• Correct Answer:

    Trouble with total recall can come from many physical and mental conditions not related to aging, like dehydration, infections, and stress. Other causes include medications, substance abuse, poor nutrition, depression, anxiety, and thyroid imbalance.

  • Question 1/14

    Everyone will have some memory loss as they get older.

  • Answer 1/14

    Everyone will have some memory loss as they get older.

    • You answered:
    • Correct Answer:

    Yes, memory trouble does come with age, but not everyone has it. People who are more active, both mentally and physically, tend to have a better working memory than people who don't move often, or don't do much to challenge their minds.

  • Question 1/14

    A good social life can keep your mind sharp as you age.

  • Answer 1/14

    A good social life can keep your mind sharp as you age.

    • You answered:
    • Correct Answer:

    Studies show that older folks who stay socially active or live with someone also have better mental function.

  • Question 1/14

    Blood pressure and memory loss are related.

  • Answer 1/14

    Blood pressure and memory loss are related.

    • You answered:
    • Correct Answer:

    High blood pressure can affect blood vessels that supply your brain and lead to memory loss. The reverse also may be true: Studies show aerobic exercise can improve your memory.

  • Question 1/14

    What's something older people can to do help their memory?

  • Answer 1/14

    What's something older people can to do help their memory?

    • You answered:
    • Correct Answer:

    Do a word puzzle. Take a brisk walk. Brain teasers and physical activity can both help maintain mental function and preserve memory. Meditation can benefit seniors with memory problems in just eight weeks.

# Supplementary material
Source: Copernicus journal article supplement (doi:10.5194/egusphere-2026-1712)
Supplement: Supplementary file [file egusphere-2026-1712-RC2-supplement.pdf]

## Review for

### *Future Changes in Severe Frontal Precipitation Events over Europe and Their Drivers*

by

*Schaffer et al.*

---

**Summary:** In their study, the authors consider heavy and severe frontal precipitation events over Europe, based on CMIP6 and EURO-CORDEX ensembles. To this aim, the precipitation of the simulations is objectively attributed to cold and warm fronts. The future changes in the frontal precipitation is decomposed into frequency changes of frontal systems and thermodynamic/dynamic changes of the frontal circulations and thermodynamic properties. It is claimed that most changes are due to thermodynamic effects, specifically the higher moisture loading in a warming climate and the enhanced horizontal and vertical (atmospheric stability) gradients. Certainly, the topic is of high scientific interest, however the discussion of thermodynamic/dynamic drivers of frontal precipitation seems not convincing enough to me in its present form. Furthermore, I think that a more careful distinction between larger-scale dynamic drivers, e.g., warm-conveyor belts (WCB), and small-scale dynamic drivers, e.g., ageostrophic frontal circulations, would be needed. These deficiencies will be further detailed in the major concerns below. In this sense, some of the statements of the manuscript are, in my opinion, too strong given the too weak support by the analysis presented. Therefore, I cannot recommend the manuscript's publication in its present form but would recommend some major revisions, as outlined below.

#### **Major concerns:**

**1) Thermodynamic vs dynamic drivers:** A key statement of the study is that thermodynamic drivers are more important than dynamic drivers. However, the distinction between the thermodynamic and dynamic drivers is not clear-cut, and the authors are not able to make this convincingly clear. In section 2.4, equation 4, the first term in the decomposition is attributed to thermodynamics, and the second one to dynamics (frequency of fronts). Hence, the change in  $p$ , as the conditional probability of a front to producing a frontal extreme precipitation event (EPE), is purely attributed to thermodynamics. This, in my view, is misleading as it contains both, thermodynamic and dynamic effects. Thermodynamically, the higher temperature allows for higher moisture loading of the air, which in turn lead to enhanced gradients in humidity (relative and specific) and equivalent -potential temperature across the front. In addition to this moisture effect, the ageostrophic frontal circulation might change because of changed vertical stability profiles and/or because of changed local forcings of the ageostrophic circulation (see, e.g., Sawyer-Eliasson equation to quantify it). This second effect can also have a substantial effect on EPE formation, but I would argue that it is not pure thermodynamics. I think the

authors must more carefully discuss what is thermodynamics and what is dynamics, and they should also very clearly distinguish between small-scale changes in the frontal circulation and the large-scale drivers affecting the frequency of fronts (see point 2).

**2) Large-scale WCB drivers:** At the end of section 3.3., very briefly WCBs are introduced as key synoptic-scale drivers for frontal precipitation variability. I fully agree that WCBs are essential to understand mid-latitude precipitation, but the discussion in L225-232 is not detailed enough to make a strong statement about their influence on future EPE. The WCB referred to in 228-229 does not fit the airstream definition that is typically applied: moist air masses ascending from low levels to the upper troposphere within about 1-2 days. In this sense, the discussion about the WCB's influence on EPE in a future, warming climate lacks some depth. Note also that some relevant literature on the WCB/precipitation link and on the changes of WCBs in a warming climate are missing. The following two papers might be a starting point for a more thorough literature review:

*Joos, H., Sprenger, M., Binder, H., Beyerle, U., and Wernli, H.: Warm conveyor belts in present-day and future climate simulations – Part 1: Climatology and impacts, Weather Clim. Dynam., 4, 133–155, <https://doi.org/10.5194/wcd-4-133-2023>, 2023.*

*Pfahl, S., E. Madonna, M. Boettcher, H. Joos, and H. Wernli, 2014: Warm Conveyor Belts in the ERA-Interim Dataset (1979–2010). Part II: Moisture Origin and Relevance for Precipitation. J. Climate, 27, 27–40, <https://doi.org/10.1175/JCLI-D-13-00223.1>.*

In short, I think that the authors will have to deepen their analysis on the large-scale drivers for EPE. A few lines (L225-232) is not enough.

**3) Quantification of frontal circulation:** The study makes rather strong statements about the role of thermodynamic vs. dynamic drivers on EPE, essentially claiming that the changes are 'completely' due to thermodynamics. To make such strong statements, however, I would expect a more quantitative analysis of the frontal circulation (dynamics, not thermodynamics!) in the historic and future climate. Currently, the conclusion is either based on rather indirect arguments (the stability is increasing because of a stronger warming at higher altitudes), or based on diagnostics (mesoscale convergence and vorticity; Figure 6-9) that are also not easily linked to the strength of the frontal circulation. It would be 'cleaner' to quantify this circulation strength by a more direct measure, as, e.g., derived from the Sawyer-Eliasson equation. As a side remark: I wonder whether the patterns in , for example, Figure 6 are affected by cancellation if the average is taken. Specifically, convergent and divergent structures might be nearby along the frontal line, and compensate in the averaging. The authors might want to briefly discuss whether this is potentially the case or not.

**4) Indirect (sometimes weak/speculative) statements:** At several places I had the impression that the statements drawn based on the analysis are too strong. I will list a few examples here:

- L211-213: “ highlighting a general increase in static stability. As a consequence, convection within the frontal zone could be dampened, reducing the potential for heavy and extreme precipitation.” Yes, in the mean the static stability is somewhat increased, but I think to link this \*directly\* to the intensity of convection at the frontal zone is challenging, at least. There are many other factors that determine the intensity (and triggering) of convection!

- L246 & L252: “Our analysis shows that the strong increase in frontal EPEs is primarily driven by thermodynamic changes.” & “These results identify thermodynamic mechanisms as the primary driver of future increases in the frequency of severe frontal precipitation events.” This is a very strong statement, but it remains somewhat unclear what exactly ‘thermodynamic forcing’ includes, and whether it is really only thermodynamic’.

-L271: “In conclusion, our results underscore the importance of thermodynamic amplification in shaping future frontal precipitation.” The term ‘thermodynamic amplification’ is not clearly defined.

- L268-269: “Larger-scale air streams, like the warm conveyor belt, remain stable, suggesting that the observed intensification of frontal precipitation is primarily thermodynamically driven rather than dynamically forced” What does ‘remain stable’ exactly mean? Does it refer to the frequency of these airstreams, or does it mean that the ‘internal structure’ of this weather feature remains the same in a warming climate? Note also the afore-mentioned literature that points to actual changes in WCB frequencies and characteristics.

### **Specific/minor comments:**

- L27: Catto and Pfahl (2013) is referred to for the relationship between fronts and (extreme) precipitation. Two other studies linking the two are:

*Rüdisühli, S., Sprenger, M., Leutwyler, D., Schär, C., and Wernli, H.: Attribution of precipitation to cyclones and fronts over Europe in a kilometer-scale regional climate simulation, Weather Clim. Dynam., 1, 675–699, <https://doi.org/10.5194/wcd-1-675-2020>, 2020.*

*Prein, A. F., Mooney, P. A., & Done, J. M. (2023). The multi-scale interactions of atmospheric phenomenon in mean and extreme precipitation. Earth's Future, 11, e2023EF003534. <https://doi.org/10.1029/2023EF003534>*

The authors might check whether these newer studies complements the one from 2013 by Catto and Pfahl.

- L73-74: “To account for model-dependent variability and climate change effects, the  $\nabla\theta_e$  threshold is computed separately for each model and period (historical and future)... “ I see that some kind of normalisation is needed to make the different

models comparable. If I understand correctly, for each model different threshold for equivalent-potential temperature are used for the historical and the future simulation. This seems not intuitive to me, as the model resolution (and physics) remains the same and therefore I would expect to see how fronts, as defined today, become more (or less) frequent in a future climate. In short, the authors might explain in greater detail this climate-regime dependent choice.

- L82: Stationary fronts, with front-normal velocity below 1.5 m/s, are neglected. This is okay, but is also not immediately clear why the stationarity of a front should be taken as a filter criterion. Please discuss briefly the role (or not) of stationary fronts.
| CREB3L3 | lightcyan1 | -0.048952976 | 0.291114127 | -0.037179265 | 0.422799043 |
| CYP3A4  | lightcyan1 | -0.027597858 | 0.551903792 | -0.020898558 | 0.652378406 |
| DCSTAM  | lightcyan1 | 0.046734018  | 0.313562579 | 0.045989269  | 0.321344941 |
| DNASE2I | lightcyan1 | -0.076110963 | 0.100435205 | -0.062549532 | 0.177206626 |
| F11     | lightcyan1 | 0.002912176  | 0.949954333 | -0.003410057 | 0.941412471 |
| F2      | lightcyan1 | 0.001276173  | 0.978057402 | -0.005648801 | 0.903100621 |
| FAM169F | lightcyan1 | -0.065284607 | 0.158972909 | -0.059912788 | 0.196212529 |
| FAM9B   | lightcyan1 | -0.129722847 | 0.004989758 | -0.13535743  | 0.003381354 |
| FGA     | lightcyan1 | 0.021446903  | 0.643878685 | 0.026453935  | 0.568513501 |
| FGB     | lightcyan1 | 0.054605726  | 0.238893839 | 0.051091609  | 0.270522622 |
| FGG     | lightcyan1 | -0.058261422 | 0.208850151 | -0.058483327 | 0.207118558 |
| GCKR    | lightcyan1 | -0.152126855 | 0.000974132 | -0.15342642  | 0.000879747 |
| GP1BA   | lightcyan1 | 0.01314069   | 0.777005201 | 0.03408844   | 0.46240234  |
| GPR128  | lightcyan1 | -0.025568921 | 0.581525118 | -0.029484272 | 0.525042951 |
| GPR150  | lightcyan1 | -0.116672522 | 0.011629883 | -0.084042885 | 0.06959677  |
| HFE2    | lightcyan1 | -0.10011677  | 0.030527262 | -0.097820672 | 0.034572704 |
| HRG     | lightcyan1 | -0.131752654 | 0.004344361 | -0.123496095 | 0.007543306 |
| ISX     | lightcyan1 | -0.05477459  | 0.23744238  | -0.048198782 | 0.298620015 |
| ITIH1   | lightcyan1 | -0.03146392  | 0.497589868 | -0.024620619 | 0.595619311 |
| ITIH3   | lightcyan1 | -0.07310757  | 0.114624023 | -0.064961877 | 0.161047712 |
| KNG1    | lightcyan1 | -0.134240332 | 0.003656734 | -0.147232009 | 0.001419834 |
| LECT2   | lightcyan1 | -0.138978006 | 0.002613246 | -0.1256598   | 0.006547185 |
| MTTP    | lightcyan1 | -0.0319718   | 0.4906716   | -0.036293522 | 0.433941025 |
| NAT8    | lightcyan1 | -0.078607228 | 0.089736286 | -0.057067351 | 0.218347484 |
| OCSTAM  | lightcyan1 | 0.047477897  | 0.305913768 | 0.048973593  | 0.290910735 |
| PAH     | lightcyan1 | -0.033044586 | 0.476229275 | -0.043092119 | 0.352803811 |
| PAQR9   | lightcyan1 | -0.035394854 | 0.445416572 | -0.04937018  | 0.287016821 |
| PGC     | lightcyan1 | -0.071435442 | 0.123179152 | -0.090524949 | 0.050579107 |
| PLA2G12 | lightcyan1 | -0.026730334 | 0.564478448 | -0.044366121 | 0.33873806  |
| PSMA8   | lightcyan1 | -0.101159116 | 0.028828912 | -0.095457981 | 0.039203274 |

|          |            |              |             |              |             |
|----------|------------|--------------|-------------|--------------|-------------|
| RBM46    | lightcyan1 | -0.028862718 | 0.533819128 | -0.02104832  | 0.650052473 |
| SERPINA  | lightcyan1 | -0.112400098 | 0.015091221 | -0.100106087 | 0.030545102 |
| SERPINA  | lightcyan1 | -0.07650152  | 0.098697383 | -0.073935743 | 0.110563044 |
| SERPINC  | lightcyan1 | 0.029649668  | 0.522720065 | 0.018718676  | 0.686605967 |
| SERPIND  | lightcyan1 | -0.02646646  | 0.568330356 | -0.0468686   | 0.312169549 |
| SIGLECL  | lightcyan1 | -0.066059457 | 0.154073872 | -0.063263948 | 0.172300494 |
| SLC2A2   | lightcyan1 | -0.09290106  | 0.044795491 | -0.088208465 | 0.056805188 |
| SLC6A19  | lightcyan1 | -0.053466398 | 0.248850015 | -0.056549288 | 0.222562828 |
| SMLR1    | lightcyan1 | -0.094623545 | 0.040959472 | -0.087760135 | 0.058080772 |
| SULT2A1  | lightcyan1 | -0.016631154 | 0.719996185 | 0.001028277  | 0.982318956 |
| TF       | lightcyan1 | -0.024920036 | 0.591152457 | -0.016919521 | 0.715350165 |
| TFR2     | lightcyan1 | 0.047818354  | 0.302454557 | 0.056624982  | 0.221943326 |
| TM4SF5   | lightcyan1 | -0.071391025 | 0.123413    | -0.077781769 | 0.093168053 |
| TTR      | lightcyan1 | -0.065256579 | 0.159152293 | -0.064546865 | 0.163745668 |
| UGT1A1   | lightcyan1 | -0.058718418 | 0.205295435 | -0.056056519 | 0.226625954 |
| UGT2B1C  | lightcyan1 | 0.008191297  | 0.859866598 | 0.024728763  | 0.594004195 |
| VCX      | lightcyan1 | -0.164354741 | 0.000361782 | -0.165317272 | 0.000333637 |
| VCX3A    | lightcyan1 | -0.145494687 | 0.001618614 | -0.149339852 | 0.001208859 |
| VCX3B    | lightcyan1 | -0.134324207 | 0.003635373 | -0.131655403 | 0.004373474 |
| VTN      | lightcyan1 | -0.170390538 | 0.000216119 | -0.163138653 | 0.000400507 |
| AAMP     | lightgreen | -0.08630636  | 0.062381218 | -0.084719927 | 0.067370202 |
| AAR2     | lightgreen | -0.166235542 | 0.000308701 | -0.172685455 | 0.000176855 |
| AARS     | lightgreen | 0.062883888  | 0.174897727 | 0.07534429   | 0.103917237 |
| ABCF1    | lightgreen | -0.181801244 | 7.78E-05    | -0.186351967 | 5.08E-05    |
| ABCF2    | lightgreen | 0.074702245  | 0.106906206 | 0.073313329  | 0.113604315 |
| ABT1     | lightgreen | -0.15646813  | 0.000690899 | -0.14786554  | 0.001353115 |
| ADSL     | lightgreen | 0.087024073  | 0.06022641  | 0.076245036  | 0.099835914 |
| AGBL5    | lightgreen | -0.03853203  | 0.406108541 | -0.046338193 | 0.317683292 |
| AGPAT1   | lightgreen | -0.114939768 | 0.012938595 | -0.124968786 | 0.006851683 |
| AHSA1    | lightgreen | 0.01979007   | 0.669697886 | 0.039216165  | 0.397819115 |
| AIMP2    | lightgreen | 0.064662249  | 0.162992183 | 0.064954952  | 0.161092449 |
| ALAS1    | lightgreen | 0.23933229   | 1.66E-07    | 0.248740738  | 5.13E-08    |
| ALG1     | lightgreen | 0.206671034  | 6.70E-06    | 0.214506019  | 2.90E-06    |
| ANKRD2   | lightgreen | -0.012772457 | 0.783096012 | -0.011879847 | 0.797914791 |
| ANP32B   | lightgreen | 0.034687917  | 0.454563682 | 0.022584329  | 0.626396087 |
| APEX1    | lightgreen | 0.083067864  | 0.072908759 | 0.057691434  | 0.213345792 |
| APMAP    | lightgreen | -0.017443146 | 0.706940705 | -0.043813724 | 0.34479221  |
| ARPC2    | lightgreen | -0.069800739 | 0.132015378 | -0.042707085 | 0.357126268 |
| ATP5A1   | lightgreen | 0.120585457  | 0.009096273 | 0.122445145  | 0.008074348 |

• Question 1/14

    When an older person forgets where he parked the car, it may be caused by a lack of attention rather than a lapse in memory.

  • Answer 1/14

    When an older person forgets where he parked the car, it may be caused by a lack of attention rather than a lapse in memory.

    • You answered:
    • Correct Answer:

    As you get older, it's hard to keep your mind on more than one thing at a time. So if you're talking to someone while parking the car, you may not recall where you left it. Stay focused on what you're doing and it'll be easier to find that memory later.

  • Question 1/14

    Memory problems are one of the first signs of Alzheimer's disease.

  • Answer 1/14

    Memory problems are one of the first signs of Alzheimer's disease.

    • You answered:
    • Correct Answer:

    Memory problems are the hallmark of Alzheimer's. In fact, even before people have full-blown Alzheimer's, they often suffer from a condition called mild cognitive impairment (MCI), which includes some memory loss. Not all people with MCI go on to develop the disease, however.